During the 1970s, vast numbers of Christians were among those who perished violently in Uganda, the “Pearl of Africa.” But they weren’t the first. The decade of the 1870s, a full century before Idi Amin, also extracted the church’s blood.

Henry Stanley, Livingstone’s convert and biographer, was the first to reach Uganda. When he showed his Bible to King Mutesa, the chieftain told him the Muslims had also brought a book, the Koran. “How do we know which is better?” he asked. “I am like a man in darkness. All I ask is that I be taught how to see.”

Stanley published Mutesa’s words in London’s Daily Telegraph, adding, “Oh, that some pious, practical missionary would come. What a harvest ripe for the sickle.” His plea aroused such passion that the Church Missionary Society soon appointed a 27-year-old Scottish bachelor, Alexander Mackay, to lead a party of eight to Uganda. Mackay did not go blindly. “Is it likely that eight Englishmen should start for Central Africa and all be alive six months after?” he asked. “One of us at least will surely fall. When the news comes, do not be cast down, but send someone else immediately to take the vacant place.”

Mackay himself was injured in a wagon accident in Zanzibar. Two others defected. Another was murdered. Another contracted fever. The remaining three set out from Zanzibar to Uganda.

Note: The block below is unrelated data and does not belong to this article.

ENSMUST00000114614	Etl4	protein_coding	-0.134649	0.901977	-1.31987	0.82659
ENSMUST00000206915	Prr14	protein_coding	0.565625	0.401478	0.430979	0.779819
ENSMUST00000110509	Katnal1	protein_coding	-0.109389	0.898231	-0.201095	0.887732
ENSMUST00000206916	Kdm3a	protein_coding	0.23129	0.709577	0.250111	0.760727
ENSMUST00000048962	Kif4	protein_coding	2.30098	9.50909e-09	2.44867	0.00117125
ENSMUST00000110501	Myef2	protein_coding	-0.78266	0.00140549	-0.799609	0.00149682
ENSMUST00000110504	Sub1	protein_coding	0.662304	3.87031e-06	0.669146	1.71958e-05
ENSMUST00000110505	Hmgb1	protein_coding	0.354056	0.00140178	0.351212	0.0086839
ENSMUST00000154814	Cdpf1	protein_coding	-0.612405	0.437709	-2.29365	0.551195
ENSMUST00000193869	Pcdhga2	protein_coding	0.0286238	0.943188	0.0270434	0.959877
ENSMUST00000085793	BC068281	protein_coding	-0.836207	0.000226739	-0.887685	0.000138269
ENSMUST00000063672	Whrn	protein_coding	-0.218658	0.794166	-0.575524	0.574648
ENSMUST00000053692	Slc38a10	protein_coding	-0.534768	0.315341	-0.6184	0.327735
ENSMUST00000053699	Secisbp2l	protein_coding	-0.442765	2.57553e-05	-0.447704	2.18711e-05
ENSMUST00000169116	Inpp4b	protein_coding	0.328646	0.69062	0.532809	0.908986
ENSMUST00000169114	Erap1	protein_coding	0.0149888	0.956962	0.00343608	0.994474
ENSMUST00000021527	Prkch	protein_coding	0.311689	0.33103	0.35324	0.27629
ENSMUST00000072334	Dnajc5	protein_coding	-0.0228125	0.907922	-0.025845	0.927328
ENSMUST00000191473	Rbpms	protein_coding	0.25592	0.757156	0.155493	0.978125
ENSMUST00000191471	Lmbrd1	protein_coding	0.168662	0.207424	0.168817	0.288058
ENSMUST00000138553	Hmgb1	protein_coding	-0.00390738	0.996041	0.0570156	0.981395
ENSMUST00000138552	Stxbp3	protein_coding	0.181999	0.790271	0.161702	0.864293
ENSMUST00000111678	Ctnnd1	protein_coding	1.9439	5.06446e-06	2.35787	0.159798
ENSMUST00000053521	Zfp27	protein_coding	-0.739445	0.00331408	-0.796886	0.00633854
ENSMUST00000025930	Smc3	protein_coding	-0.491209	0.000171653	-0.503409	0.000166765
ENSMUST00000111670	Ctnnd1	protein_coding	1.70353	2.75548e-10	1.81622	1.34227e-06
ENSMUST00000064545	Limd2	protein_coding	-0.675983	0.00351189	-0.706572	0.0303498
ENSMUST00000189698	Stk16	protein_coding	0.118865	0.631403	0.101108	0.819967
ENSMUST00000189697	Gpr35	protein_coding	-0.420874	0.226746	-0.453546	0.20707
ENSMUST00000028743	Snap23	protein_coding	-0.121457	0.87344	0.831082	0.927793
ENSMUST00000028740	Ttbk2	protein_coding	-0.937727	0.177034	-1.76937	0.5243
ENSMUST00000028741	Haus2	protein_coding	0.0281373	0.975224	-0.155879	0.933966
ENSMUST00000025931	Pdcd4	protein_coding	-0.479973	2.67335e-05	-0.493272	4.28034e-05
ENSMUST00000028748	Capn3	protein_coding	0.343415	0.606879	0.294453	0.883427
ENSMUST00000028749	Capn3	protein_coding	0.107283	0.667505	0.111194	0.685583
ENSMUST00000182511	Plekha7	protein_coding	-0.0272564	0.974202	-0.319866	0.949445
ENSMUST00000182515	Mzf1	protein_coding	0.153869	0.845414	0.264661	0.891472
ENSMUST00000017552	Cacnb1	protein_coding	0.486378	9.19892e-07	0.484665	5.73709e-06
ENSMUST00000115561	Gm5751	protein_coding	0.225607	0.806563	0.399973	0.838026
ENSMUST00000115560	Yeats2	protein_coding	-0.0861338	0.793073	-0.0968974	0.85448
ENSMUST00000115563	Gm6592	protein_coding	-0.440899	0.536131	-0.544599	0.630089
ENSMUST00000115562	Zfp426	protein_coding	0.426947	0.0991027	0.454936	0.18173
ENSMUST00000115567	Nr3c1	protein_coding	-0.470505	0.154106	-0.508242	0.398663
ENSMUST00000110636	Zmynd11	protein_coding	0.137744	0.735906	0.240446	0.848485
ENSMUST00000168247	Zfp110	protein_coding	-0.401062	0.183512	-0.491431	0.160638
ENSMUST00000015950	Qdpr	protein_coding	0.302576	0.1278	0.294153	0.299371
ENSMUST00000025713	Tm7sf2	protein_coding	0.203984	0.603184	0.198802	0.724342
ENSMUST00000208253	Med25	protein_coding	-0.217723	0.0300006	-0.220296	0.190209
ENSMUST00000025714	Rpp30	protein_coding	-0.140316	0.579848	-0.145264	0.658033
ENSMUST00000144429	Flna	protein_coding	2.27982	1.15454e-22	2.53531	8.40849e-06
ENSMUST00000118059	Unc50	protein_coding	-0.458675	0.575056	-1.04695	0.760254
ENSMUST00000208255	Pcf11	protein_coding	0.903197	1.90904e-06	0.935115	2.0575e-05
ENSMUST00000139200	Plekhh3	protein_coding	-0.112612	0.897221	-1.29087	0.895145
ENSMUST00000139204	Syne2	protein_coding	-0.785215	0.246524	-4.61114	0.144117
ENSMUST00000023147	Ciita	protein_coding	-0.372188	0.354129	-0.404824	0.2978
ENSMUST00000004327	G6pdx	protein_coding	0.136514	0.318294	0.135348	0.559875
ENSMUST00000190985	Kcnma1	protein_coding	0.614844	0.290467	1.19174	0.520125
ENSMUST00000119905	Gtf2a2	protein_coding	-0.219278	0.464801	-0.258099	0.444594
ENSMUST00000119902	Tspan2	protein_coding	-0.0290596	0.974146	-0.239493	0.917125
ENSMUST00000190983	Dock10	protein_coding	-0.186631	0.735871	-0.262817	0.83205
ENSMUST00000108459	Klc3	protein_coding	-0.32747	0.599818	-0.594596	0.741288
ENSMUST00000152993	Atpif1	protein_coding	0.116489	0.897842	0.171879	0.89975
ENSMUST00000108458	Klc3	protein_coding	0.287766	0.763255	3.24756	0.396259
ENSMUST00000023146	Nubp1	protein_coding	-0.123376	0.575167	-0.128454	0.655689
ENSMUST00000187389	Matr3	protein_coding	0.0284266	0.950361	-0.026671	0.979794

On January 30, 1877, they reached Mutesa’s court, but two of the three were soon killed, leaving C. T. Wilson to begin Sunday services alone. Mackay soon joined him, and the two labored for years before baptizing their first convert.

Just as their work was accelerating, Mutesa was succeeded by his son, a cruel teenager who promptly tortured a group of Mackay’s younger converts for refusing his demands. Mackay survived the tyrant’s threats only to die of malaria while translating the Gospel of John. He was 40.

But his efforts were not wasted. The church grew faster than it perished and became one of Africa’s strongest.

If you belonged to the world, its people would love you. But you don’t belong to the world. I have chosen you to leave the world behind, and that is why its people hate you. Remember how I told you that servants are not greater than their master. So if people mistreat me, they will mistreat you. If they do what I say, they will do what you say. (John 15:19,20)

Robert J. Morgan, On This Day : 265 Amazing and Inspiring Stories About Saints, Martyrs & Heroes, electronic ed. (Nashville: Thomas Nelson Publishers, 2000, c1997). Jan. 30.

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